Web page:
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2000: Milosevic quits, street celebrations continue

VIDEO : Crowds celebrate openly on the streets of Belgrade

Slobodan Milosevic, President of the Federal Republic of Yugoslavia has resigned, following mounting pressure to quit over allegations of vote-rigging.

The Yugoslav Constitutional Court, which only yesterday morning annulled the 24 September presidential elections, now admits Vojislav Kostunica was the true winner.

The Yugoslav army has also publicly withdrawn its support for Mr Milosevic, allaying opponents' fears he might still be able to stage a military comeback.

Mr Kostunica met the former president who is reported to have shaken his hand and congratulated him on his victory.

Mr Milosevic's resignation was officially declared to the Yugoslav people in a televised address at 2230 local time.

Standing before a Yugoslav flag, he wished "success to all citizens of Yugoslavia", and spoke of his intention to spend time with his family.

Defiance

But he appeared defiant in the face of those happy to see the back of him when he said he would eventually help his party regain force and "contribute to future prosperity".

Yesterday it is estimated over half a million Serbs descended on the capital of Belgrade in a protest against election rigging that ended in Mr Milosevic's capitulation.

Tonight many were still on the streets celebrating what has so far been a relatively peaceful transition.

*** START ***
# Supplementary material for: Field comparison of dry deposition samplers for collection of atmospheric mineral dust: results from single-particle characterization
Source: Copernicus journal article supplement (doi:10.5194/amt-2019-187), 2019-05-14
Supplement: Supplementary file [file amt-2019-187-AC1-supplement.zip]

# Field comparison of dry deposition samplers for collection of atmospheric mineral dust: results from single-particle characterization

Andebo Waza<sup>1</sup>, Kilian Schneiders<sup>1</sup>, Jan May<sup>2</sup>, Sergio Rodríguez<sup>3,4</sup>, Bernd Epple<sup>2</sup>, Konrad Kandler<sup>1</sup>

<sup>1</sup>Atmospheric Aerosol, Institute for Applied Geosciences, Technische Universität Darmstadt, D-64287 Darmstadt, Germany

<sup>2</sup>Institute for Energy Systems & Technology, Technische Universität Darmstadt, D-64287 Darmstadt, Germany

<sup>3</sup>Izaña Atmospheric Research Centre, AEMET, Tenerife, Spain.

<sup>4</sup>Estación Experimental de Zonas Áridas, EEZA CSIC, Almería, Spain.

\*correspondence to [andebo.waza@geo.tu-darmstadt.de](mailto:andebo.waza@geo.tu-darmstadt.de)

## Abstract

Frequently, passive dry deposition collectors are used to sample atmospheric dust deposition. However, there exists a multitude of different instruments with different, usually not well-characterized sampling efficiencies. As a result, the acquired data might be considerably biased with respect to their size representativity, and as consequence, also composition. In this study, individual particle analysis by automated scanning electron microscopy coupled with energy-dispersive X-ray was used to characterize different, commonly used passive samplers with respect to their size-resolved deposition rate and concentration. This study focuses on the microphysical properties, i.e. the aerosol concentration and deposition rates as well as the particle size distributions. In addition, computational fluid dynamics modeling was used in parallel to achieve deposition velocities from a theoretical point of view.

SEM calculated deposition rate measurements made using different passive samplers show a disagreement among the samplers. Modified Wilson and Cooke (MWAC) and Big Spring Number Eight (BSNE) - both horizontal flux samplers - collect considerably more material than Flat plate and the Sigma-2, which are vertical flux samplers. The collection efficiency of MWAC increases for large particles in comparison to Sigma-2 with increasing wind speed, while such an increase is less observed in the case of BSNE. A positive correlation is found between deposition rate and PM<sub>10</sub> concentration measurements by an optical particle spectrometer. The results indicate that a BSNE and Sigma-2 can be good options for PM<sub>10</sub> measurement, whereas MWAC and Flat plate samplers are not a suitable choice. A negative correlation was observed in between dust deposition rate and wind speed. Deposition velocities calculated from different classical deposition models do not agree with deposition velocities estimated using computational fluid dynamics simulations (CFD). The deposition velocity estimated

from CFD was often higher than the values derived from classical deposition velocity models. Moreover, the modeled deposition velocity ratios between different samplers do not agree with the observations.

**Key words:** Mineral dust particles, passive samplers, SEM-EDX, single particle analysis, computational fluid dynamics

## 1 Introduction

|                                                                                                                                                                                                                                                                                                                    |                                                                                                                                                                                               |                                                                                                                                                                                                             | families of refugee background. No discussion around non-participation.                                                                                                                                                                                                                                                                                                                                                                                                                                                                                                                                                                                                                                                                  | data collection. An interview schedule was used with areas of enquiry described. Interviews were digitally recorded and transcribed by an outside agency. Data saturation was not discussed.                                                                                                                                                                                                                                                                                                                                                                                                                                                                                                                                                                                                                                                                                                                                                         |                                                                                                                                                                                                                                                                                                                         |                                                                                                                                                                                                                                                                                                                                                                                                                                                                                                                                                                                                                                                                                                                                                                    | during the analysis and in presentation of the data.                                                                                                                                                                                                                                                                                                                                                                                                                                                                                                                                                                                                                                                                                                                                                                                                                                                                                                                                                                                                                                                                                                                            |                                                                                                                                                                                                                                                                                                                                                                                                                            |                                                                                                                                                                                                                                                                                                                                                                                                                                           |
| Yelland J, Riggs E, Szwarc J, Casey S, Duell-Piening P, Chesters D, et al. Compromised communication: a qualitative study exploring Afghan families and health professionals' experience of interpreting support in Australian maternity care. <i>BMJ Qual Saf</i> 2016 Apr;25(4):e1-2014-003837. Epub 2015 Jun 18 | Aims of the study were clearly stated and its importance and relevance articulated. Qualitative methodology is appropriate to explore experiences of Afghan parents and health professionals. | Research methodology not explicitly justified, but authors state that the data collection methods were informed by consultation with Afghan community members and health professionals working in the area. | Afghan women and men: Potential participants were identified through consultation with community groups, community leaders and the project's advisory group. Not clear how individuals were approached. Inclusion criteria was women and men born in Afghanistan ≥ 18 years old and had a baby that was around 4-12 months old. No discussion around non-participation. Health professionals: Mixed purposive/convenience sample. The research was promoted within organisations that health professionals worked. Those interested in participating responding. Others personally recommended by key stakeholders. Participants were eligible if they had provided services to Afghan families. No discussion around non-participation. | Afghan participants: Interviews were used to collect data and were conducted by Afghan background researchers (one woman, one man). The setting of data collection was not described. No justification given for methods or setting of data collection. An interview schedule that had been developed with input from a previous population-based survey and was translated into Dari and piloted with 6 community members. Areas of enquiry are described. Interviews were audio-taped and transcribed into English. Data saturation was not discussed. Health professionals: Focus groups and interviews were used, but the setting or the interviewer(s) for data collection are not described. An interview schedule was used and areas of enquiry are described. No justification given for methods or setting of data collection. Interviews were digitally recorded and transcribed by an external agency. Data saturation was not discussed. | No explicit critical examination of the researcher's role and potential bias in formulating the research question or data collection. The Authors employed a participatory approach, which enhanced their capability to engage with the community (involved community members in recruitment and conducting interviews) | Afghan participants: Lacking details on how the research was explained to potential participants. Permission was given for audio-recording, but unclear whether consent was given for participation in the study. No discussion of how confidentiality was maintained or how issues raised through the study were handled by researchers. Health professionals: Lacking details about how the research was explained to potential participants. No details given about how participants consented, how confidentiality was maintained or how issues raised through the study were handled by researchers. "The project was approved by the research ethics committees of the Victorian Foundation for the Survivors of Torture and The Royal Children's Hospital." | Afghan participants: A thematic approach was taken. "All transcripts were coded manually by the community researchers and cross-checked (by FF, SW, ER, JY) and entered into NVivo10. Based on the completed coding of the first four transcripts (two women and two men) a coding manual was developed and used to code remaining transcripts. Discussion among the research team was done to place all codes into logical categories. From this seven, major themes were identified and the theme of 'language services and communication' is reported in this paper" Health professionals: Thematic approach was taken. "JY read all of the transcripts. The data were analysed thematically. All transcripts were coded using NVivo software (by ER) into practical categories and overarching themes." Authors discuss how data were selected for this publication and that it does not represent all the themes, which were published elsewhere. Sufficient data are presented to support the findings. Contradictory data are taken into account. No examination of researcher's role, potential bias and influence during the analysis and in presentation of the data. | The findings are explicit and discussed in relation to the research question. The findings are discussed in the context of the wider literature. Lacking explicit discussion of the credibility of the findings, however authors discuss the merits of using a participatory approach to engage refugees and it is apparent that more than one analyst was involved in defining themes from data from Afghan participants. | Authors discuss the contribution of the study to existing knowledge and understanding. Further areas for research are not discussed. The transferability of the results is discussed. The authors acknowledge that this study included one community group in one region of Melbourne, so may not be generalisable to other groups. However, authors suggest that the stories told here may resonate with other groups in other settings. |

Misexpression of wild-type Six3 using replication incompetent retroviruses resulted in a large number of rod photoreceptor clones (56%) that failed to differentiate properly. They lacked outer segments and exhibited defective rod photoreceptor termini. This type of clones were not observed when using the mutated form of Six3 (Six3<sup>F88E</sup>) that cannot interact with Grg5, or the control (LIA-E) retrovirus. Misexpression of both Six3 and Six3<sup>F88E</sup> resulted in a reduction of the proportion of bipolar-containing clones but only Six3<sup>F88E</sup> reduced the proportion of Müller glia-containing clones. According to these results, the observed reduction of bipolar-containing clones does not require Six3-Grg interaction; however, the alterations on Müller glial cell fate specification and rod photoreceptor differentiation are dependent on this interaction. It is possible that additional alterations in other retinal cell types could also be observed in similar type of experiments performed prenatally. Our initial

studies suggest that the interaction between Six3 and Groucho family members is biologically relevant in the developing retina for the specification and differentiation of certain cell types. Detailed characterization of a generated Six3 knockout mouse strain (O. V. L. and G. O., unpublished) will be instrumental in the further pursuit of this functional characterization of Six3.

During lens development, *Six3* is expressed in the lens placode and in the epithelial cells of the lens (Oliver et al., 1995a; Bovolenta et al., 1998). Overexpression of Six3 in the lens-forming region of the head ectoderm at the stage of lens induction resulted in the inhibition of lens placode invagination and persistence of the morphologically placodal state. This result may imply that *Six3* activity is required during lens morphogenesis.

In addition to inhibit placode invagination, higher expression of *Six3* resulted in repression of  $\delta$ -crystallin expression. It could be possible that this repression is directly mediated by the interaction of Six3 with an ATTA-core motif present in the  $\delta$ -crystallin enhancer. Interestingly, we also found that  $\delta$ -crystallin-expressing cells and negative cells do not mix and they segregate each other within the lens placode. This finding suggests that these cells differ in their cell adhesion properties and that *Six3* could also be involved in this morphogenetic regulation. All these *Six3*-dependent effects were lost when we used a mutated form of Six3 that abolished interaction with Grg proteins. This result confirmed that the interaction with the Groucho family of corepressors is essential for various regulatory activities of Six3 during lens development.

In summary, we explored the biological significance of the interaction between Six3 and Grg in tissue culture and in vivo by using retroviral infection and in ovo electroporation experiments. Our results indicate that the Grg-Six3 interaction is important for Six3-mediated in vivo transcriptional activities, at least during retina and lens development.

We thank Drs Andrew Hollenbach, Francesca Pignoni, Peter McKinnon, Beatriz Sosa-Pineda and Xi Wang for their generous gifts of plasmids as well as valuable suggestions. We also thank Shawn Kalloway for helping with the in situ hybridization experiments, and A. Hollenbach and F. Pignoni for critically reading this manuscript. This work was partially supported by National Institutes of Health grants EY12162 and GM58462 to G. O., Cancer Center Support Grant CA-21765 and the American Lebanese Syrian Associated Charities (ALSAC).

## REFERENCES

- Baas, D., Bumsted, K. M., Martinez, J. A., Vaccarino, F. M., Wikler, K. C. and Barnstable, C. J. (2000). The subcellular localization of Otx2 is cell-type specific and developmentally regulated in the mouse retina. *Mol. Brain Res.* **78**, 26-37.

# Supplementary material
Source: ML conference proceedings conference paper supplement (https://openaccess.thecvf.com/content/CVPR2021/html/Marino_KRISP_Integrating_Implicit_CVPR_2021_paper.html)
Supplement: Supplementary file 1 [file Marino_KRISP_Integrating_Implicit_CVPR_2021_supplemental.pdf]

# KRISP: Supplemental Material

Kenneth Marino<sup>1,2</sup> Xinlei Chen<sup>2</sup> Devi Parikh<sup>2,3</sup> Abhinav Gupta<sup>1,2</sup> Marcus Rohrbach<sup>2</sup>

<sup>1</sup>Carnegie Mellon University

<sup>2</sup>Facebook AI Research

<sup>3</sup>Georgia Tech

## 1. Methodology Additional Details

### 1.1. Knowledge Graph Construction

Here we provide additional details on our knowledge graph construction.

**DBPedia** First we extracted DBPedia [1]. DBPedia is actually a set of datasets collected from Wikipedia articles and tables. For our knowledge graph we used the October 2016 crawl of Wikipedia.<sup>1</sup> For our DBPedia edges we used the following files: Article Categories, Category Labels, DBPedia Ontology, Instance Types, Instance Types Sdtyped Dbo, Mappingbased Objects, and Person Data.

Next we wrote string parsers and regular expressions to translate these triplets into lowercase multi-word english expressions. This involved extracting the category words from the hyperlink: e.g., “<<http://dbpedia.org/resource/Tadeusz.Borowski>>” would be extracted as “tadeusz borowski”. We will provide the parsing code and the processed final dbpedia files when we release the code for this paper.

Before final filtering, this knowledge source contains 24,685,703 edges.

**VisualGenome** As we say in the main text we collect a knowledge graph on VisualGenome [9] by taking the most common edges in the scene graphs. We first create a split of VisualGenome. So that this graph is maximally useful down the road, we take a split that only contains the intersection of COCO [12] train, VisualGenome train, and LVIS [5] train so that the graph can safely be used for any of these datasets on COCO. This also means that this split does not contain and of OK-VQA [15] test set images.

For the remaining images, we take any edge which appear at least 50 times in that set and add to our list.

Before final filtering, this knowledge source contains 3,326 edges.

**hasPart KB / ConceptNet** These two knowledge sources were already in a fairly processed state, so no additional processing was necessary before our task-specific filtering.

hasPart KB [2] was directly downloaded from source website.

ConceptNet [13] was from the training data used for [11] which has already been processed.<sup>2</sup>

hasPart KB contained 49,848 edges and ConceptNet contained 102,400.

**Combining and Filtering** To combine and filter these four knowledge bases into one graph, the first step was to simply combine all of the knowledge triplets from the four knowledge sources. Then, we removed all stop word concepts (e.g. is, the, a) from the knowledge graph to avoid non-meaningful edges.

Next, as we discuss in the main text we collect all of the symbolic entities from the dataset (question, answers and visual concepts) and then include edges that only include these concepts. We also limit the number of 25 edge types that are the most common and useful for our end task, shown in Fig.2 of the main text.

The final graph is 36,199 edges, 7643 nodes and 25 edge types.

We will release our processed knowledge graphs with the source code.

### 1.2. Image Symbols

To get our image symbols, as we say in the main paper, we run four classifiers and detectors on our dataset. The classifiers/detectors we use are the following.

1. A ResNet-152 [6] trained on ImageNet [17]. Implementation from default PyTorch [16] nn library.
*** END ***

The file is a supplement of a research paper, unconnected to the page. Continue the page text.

Mr Kostunica has urged the Serbian people to drive Mr Milosevic away, but "not with the violence with which he used on us for so many years".

Already, war crimes investigators are pressing for Mr Milosevic's immediate extradition to the Hague to face trial for war crimes.

Speaking in Kosovo, Carla Del Ponte Chief Prosecutor, War Crimes Tribunal said:

"I truly believe that this is the only solution if there is to be a true and lasting peace in the Balkans and if the people of Yugoslavia are to enjoy a democratic existence."

But in Belgrade, ordinary Serbs for the present are more interested in rebuilding their lives after years of economic hardship and war.

Asked what should happen to Mr Milosevic now that he was no longer in power, one woman simply said:

"Actually for me I don't care about him. I care about me, my family and my future."

In Context
Mr Milosevic was extradited to the Hague in 2001. He is the first head of state to be tried at the International Criminal Court.

He was put on trial for war crimes in Kosovo, Croatia and Bosnia, and for genocide in Bosnia.

Serbia's economy was crippled by nearly 10 years of war and sanctions. It was politically isolated until Milosevic was ousted from power.

Milosevic was Yugoslav president for 13 years during which time he espoused a passionate brand of ethnic Serb nationalism.

Some 250,000 people died in the 1992-1995 Bosnian war and about 20,000 people lost their lives in the 1991 Croatian war.

Milosevic died in a cell at the UN War Crimes Tribunal before the court reached its final verdict. The post mortem examination revealed he had died of a heart attack. His supporters claimed it had been triggered by the wrong medication.


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